June 2021

What did City Council do?

Draft Parkland Strategy

Staff have prepared the City of Waterloo Draft Parkland Strategy for circulation and feedback.  You can review the document and provide feedback at the link below.


This document is intended to be a guiding document with a 10-15 year vision for the state of our 407 hectares of parkland across the 134 parks in the City.  This strategy will work with other guiding documents such as our Sports Field Strategy and Waterloo Park Master Plan.  It is also likely to spur other documents such as a plan to classify unofficial park spaces and a special events strategy.  A corresponding financial plan to help us achieve our goals will be forthcoming prior to the next budget cycle.  There are 77 recommendations within the document, based on a variety of notable trends, such as; barrier free playgrounds, increasing the quantity of splash pads, tennis and basketball courts, outdoor rinks, off-leash dog parks, outdoor fitness equipment, washrooms, community gardens, public art, WiFi, shade structures, wayfinding signage, benches, picnic tables, potable water and power!  There are a lot of things to consider as part of this plan and I hope you will review and provide your feedback.

Official Plan Initiation

The OP is the guiding document for growth and change throughout the City.  It is perhaps the most important document within the City as it directs Land Use Planning, Economic Development, Environmental Issues, Transportation, Housing Affordability and more.  The OP must be updated every 10 years and was last done so in 2012, the timing works as it also must complete with the Region OP, which is currently under review.  You can review some documents and answer questions about the OP at the link below.


Council received a few key facts and considerations as we begin the journey of updating our OP.  Here are some that I found interesting:

  • Our current population (including students) is 146,010 and is projected to grow to 160,183 by 2041.
  • Household growth is outstripping population growth, which is creating even more pressure on housing needs in our community.
  • The number of post-secondary students in our community is projected to continue to increase.
  • Even without students, the City of Waterloo has a younger median population than most communities (37.7).
  • As is the trend in most communities ownership rates are declining and there is a significant increase in rental households (from 2006 to 2016 we’ve seen a 21% increase in renters and a 6% increase in ownership).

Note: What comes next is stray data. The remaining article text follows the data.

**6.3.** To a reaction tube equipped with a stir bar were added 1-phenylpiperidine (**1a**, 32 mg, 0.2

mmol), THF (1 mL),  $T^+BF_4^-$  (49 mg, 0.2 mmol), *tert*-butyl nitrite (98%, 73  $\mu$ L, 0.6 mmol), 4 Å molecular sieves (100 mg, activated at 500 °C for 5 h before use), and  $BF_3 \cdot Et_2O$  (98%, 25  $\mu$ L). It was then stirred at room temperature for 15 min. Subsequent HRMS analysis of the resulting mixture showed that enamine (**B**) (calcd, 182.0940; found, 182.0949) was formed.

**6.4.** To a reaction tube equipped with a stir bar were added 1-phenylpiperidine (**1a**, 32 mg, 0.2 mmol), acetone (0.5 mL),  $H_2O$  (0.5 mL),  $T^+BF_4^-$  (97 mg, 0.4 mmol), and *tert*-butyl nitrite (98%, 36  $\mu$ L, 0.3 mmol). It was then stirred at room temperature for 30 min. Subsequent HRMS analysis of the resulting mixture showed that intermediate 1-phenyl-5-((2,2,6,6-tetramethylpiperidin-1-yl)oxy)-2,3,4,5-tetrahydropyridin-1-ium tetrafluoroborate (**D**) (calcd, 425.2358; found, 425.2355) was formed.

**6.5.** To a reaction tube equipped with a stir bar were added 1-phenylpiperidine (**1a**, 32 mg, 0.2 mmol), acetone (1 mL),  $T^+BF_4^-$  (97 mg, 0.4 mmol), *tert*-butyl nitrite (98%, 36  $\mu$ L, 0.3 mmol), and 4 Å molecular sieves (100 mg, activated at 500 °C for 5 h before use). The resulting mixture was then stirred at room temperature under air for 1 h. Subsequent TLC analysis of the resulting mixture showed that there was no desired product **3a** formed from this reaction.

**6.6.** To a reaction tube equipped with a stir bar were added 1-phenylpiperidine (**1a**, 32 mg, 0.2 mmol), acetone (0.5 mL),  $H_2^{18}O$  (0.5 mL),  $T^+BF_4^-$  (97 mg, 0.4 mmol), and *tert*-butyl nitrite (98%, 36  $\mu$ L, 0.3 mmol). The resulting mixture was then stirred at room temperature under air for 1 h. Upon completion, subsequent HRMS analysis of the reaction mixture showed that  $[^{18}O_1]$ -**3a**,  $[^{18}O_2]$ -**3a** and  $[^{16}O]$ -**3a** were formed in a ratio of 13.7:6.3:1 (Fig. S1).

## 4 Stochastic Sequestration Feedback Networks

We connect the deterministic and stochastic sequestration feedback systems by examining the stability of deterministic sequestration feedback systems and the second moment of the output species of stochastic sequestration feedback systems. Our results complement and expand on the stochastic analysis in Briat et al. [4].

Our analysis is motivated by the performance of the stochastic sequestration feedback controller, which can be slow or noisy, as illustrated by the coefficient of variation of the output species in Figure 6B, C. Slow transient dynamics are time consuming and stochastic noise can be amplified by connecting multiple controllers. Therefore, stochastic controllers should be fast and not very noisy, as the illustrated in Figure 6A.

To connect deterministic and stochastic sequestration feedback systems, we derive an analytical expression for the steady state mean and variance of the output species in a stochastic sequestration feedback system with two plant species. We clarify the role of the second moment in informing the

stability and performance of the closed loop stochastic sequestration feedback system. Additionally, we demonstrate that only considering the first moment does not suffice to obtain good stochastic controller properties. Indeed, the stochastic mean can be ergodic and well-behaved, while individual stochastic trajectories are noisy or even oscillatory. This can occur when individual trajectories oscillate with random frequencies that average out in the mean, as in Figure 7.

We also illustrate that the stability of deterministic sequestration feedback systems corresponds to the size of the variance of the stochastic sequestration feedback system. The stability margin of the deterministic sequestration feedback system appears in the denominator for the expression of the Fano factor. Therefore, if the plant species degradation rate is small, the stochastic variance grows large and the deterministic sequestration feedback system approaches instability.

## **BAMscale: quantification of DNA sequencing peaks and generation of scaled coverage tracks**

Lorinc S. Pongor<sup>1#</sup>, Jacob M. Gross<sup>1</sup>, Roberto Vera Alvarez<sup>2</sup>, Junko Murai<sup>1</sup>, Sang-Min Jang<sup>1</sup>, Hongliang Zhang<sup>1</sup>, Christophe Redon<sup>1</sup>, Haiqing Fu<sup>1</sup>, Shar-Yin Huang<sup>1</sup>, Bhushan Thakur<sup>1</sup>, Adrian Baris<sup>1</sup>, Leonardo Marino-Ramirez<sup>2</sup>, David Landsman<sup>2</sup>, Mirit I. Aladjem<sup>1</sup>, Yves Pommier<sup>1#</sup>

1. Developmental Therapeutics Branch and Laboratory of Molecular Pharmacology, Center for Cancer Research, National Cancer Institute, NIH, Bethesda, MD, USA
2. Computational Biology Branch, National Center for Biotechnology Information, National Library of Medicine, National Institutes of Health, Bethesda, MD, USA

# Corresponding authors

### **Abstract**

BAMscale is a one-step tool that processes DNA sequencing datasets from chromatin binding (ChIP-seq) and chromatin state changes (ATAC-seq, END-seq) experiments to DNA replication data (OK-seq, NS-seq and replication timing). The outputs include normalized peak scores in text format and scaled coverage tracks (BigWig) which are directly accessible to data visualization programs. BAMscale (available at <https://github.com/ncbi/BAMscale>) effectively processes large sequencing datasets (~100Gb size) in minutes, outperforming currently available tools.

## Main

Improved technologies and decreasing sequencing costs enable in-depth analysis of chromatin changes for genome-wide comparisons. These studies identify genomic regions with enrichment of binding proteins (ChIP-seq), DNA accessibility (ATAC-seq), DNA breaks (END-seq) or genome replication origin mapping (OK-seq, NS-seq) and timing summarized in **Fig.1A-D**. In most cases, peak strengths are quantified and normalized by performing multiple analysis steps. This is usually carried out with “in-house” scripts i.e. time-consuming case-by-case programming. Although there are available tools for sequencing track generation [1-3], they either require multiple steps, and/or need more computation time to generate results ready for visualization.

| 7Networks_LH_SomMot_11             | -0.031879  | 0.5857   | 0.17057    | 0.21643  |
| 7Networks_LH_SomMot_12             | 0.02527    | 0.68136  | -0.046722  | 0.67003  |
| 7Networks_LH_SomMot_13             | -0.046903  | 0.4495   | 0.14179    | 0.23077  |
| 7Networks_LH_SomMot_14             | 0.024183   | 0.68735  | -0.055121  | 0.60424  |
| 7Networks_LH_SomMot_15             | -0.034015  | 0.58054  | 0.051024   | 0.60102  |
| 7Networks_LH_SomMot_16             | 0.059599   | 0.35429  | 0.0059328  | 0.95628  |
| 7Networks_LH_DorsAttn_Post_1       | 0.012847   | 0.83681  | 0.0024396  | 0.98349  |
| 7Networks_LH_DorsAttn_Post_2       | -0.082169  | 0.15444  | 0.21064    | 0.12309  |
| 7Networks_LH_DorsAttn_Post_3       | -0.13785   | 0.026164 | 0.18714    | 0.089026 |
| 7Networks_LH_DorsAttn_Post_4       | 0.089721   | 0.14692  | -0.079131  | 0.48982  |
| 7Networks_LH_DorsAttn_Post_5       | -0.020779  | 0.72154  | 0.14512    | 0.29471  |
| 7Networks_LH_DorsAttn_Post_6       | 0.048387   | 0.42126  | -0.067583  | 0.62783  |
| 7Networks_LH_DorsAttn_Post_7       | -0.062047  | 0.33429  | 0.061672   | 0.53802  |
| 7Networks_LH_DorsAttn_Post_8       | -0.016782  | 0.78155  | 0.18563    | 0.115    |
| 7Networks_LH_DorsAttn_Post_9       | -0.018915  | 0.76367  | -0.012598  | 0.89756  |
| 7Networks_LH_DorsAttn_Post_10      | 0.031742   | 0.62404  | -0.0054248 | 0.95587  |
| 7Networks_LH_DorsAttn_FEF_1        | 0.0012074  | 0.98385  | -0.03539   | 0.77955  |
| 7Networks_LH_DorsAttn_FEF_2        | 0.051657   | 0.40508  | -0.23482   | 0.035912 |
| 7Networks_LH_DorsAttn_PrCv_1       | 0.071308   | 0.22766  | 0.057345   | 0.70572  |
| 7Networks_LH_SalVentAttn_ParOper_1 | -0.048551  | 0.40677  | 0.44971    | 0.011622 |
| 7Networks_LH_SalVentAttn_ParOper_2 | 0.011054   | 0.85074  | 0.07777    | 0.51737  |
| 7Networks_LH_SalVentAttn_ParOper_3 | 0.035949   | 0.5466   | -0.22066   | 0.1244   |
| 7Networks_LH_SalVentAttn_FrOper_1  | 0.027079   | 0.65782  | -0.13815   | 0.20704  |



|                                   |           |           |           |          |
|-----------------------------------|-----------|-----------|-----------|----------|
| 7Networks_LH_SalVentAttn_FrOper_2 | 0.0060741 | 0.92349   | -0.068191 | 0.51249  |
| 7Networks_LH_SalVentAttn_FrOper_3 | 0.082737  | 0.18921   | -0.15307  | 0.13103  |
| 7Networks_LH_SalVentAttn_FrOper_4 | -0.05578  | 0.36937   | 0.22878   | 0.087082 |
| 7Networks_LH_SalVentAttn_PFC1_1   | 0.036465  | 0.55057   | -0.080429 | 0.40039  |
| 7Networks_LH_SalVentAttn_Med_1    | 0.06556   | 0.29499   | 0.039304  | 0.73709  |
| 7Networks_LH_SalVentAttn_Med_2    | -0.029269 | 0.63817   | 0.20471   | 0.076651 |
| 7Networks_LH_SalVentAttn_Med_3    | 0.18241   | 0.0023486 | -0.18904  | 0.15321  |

• Household size is projected to continue to decrease (current average is 2.73 people per household, 2041 projection is 2.41).
  • The current rental market vacancy rate is lower than what is considered healthy, which is perhaps why our average rental pricing is above the Ontario average and speaks to the need for more purpose built rental.
  • 50% of our community commutes less than 5km to work.
  • Although we have limited greenfield land to build and a hard urban boundary, our current framework can accommodate the projected growth, with the majority of this growth planned in Major Transit Station Areas and along Major Nodes and Corridors.

Leaf Collection Review

Council reviewed the roadside leaf collection program and decided to continue with the program as is.  This program is intended to assist homeowners with leaves that have fallen from street trees, by permitting residents to rake those leaves to the street (at appropriate times) in order to ensure that those leaves do not block storm water drains.  Not every municipality offers this service, with some asking residents to bag these leaves, to be collected with other yard waste.  For many folks, I suspect a change would have minimal impact, however there are many residents for whom this is an extremely valuable service as they would be required to bag hundreds of leaves due to the nature of their properties and the maturity of their trees.  The program has many challenges, in particular climate change considerations are making this service more and more difficult to implement.  Extreme weather events in November often require us to shift focus from leaf collection to snow removal, which creates budget pressures due to overtime costs associated with keeping both programs operational at the same time.  Combined with the infeasibility of collecting leaves that have frozen into ice blocks and I believe that eventually this program is likely to be a victim of climate change in the end.  However, at this time I analyzed the program from a cost perspective and decided to vote to maintain the program as is.  Based on five-year averages this program costs $320,000 to administer.  Even if we eliminate the program, roughly $50,000 of this budget will need to be kept to handle ad hoc issues pertaining to keeping storm drains clear (actual savings to eliminate are $270,000).  Assuming that all of the leaves we deliver to the Region were to be bagged, the Region would assume additional costs of $195,000.  The Region also estimates that the cost of bags to residents would be approximately $60,000.  On top of all of that, not all of the savings are likely to be seen by residents as we would need to retain employees who would be shifted to other (admittedly valuable) tasks, creating an additional $70,000 budget pressure.  I think it is necessary for us to continue to monitor the program in the coming years.  We are seeing the budget for this service continually increasing (again, due to Climate Change issues) and I think eventually the cost will outweigh the benefit.  In my opinion I did not see that to be the case today.